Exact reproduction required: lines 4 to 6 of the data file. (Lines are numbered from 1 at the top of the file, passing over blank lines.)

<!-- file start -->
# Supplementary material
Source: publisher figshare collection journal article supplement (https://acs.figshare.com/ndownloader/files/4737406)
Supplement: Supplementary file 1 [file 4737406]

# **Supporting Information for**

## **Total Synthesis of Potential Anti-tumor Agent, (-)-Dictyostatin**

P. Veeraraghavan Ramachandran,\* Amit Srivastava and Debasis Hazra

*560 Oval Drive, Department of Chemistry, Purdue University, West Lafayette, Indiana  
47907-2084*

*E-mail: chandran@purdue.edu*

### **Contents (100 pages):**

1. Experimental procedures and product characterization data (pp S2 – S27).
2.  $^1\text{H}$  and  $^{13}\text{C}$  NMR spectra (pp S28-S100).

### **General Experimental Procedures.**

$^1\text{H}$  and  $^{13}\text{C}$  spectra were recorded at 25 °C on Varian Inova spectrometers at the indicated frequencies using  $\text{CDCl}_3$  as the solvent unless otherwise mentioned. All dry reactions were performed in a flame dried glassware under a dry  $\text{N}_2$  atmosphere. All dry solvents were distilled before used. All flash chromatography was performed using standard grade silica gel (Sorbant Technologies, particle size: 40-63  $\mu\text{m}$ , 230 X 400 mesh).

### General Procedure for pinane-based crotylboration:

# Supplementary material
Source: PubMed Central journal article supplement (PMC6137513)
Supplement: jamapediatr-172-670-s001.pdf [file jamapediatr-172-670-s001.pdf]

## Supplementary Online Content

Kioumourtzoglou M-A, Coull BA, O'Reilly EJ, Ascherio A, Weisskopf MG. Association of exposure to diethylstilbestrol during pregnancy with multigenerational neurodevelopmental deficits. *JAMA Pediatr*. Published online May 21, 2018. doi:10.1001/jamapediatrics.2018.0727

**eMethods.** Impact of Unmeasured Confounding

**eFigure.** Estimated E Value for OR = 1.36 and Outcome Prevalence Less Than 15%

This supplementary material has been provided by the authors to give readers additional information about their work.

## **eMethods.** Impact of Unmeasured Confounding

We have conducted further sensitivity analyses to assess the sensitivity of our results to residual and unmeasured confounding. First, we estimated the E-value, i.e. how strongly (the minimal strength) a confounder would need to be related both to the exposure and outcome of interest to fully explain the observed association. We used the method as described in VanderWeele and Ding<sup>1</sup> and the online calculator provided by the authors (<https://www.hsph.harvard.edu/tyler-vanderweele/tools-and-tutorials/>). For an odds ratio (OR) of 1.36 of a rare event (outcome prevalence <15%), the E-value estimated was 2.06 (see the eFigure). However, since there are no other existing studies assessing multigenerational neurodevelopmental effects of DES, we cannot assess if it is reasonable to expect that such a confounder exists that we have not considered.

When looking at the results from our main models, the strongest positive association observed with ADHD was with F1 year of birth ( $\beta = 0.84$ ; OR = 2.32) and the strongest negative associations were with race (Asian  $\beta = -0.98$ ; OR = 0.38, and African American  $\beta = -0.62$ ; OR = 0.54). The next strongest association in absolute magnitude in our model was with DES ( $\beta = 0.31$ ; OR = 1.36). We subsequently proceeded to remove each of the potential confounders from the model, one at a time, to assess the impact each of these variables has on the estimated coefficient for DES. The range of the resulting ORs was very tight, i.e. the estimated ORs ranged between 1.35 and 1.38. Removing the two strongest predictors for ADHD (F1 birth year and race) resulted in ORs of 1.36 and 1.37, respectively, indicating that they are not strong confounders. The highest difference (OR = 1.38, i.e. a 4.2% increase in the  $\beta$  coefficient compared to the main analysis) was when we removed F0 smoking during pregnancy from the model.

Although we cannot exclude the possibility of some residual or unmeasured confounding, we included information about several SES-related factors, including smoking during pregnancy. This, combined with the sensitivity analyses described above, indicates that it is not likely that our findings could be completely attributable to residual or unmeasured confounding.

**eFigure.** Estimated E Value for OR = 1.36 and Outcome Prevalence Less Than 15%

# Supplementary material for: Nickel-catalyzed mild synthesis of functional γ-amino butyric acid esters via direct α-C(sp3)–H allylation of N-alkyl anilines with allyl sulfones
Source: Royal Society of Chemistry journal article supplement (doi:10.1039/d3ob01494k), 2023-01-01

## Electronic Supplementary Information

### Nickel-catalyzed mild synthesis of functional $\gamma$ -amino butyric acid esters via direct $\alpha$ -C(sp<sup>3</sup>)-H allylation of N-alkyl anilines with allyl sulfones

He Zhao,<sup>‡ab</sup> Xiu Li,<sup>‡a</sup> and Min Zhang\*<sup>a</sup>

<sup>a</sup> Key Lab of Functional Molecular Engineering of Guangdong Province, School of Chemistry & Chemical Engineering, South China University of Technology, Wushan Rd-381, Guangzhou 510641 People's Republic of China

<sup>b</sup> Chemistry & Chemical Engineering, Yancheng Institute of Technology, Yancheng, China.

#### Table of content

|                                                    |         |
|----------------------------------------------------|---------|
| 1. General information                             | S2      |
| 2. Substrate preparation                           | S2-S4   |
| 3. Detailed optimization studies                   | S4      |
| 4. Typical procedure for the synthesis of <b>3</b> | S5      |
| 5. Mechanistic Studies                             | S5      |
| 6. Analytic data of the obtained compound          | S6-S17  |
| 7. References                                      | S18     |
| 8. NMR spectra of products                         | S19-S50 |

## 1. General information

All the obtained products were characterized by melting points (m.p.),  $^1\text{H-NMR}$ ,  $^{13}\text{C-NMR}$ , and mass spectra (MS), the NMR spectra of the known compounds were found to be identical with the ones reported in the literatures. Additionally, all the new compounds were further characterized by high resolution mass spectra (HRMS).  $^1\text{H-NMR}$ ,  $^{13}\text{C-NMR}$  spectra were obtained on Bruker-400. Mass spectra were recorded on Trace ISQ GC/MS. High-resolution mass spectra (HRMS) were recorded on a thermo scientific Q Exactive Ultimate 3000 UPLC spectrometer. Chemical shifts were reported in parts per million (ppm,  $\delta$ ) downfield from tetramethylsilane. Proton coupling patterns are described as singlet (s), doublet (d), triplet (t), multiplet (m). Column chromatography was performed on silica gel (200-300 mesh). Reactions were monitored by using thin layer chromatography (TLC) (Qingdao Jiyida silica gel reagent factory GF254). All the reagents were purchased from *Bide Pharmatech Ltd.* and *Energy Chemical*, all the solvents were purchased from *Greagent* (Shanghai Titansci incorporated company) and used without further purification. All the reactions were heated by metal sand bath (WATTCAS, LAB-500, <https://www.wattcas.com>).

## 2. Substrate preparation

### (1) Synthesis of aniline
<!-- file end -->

# **Supporting Information for**

## **Total Synthesis of Potential Anti-tumor Agent, (-)-Dictyostatin**

P. Veeraraghavan Ramachandran,\* Amit Srivastava and Debasis Hazra